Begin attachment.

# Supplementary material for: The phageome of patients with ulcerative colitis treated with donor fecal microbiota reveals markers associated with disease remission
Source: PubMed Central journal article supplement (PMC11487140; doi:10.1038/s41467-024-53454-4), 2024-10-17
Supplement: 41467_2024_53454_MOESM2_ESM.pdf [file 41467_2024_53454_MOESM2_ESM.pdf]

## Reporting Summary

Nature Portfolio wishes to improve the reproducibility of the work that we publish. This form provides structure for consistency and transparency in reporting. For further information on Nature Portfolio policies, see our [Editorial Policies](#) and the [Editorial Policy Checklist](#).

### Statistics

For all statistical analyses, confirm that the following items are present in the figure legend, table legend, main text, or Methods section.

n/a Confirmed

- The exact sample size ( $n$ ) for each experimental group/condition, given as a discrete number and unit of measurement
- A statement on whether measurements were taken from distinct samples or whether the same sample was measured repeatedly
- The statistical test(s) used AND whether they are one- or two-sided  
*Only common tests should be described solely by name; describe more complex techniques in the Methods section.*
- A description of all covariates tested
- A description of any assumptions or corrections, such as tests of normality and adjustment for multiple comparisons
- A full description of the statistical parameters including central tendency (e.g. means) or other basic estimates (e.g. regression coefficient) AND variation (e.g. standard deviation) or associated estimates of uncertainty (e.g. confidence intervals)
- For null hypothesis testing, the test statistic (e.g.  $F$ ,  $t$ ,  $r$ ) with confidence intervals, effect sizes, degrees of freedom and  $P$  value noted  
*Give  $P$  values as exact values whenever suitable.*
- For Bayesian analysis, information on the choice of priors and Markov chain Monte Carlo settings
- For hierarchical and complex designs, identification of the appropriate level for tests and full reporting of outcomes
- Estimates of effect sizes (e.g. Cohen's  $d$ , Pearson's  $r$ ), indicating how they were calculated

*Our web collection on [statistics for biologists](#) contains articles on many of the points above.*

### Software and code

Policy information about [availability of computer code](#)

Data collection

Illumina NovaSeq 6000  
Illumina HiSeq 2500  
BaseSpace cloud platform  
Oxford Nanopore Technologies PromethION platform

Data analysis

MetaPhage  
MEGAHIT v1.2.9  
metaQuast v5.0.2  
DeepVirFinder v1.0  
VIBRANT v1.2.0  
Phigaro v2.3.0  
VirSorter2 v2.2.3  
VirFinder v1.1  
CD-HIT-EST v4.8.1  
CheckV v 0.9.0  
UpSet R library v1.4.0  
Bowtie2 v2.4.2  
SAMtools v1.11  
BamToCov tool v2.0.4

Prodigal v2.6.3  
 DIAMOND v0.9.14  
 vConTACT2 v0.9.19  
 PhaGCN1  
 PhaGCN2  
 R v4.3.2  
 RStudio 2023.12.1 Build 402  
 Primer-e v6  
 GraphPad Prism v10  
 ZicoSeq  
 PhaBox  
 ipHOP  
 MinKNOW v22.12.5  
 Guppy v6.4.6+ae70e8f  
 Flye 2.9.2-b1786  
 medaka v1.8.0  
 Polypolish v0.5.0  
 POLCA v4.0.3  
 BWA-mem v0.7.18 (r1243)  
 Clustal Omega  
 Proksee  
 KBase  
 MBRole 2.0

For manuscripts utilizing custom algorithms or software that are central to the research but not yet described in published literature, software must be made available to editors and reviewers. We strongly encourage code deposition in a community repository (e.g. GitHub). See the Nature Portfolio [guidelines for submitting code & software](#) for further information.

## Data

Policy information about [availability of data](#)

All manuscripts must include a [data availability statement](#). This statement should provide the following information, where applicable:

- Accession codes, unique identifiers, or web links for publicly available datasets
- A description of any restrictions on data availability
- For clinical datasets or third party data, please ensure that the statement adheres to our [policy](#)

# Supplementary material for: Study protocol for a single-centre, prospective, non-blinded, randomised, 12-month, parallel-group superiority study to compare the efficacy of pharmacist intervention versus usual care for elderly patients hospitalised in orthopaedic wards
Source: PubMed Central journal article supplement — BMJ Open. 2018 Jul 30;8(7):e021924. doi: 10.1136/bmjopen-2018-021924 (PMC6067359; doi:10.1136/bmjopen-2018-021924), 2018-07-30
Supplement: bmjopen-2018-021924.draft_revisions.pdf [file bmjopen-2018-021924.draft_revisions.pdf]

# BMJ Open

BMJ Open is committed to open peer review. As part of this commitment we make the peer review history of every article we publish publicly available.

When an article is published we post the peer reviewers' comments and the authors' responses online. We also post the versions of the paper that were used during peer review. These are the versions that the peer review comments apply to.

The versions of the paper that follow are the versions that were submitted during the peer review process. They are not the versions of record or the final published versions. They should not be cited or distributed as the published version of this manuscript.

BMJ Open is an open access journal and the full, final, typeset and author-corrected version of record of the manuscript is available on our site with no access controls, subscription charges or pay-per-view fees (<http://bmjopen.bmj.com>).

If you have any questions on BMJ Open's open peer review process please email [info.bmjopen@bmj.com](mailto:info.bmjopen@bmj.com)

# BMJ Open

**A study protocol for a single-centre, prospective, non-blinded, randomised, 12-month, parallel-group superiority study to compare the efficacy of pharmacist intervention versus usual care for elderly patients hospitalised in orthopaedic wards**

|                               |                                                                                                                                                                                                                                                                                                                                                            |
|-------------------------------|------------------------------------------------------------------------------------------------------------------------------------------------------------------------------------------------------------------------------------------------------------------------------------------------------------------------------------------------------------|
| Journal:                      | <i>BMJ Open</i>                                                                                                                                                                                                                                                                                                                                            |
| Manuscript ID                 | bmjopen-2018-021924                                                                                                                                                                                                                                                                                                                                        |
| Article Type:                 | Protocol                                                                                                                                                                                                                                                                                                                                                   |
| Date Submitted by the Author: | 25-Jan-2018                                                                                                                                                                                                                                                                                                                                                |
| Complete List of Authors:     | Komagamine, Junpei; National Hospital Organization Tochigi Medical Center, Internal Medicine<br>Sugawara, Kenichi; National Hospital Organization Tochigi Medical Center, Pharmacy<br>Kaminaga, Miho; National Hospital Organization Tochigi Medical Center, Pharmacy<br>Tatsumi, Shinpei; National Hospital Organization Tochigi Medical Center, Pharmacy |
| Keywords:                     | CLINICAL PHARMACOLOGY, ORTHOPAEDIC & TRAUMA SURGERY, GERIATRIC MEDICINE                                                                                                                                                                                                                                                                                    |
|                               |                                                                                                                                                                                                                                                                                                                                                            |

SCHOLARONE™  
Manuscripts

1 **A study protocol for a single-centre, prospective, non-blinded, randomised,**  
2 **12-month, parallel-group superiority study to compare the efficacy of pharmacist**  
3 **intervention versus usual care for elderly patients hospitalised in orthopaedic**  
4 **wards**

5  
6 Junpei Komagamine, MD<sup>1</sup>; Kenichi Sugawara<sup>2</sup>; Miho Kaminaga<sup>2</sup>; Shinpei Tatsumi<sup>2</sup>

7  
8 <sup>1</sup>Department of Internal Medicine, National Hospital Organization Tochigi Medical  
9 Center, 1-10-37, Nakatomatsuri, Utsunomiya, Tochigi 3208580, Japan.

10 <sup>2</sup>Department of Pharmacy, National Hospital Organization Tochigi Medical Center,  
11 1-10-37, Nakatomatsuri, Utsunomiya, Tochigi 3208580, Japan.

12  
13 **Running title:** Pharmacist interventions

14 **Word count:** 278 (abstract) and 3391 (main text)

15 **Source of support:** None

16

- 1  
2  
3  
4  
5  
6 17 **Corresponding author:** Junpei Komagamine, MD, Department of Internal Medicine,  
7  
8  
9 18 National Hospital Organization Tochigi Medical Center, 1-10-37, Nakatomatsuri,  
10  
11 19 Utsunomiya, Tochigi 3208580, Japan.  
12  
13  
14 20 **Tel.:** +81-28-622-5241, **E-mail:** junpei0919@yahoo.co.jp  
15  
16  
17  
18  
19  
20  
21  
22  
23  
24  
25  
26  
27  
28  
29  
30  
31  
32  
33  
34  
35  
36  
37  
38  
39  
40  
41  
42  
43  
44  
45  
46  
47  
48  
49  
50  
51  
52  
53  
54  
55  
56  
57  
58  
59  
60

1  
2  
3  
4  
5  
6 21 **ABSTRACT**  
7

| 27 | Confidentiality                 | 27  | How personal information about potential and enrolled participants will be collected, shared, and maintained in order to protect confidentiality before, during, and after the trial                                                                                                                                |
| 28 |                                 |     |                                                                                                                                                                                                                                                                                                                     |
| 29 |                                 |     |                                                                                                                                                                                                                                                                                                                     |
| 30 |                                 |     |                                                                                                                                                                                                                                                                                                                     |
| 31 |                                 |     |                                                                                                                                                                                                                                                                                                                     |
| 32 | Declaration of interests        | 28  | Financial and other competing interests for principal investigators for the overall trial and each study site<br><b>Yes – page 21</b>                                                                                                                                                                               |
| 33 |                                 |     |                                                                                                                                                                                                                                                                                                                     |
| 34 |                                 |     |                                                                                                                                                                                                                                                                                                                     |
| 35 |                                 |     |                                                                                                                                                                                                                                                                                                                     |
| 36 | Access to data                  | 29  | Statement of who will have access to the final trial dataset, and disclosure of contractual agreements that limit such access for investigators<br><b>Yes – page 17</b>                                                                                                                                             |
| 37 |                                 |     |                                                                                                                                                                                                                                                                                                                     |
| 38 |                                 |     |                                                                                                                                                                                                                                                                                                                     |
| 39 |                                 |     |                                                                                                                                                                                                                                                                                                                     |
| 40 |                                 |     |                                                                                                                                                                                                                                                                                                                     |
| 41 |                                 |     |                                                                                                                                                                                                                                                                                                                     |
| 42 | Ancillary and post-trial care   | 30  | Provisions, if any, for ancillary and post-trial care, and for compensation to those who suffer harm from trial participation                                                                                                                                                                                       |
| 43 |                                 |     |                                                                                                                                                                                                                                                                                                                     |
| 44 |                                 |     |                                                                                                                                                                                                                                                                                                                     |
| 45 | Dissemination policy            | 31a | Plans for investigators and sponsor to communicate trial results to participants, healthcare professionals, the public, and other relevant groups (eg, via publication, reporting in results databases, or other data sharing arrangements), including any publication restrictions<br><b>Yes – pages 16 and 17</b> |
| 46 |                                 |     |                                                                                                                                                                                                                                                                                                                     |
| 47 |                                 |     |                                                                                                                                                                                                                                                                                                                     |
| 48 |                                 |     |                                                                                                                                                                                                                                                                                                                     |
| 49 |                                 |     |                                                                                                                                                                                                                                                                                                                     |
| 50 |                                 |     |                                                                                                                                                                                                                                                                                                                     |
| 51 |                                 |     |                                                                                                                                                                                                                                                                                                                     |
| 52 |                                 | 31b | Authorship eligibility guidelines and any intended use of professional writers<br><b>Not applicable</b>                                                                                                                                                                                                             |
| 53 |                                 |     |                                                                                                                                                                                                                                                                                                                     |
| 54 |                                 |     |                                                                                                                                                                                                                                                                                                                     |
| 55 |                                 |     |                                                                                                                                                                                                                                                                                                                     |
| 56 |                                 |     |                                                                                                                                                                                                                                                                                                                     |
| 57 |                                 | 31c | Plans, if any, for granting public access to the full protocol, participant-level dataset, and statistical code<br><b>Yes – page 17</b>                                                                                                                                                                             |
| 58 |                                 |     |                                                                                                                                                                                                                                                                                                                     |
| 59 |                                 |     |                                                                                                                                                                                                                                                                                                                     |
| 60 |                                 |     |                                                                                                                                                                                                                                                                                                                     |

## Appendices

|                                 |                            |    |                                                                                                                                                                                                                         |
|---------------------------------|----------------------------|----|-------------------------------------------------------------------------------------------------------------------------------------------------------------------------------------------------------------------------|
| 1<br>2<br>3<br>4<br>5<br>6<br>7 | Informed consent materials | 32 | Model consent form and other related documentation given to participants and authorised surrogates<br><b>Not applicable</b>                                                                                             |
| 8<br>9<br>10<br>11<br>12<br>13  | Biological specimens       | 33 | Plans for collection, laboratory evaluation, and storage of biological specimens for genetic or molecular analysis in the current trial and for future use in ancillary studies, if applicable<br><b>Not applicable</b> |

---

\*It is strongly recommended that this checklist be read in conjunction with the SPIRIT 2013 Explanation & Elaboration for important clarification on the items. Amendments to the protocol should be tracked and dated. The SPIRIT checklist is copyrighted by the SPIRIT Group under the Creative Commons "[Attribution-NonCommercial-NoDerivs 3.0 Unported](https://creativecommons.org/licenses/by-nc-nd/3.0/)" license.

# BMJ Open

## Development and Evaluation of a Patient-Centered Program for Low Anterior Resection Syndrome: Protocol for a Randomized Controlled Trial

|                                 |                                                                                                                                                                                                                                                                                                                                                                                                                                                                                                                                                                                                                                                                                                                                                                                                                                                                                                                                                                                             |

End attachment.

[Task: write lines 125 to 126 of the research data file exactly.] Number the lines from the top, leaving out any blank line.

14 20 **Tel.:** +81-28-622-5241, **E-mail:** junpei0919@yahoo.co.jp  
15  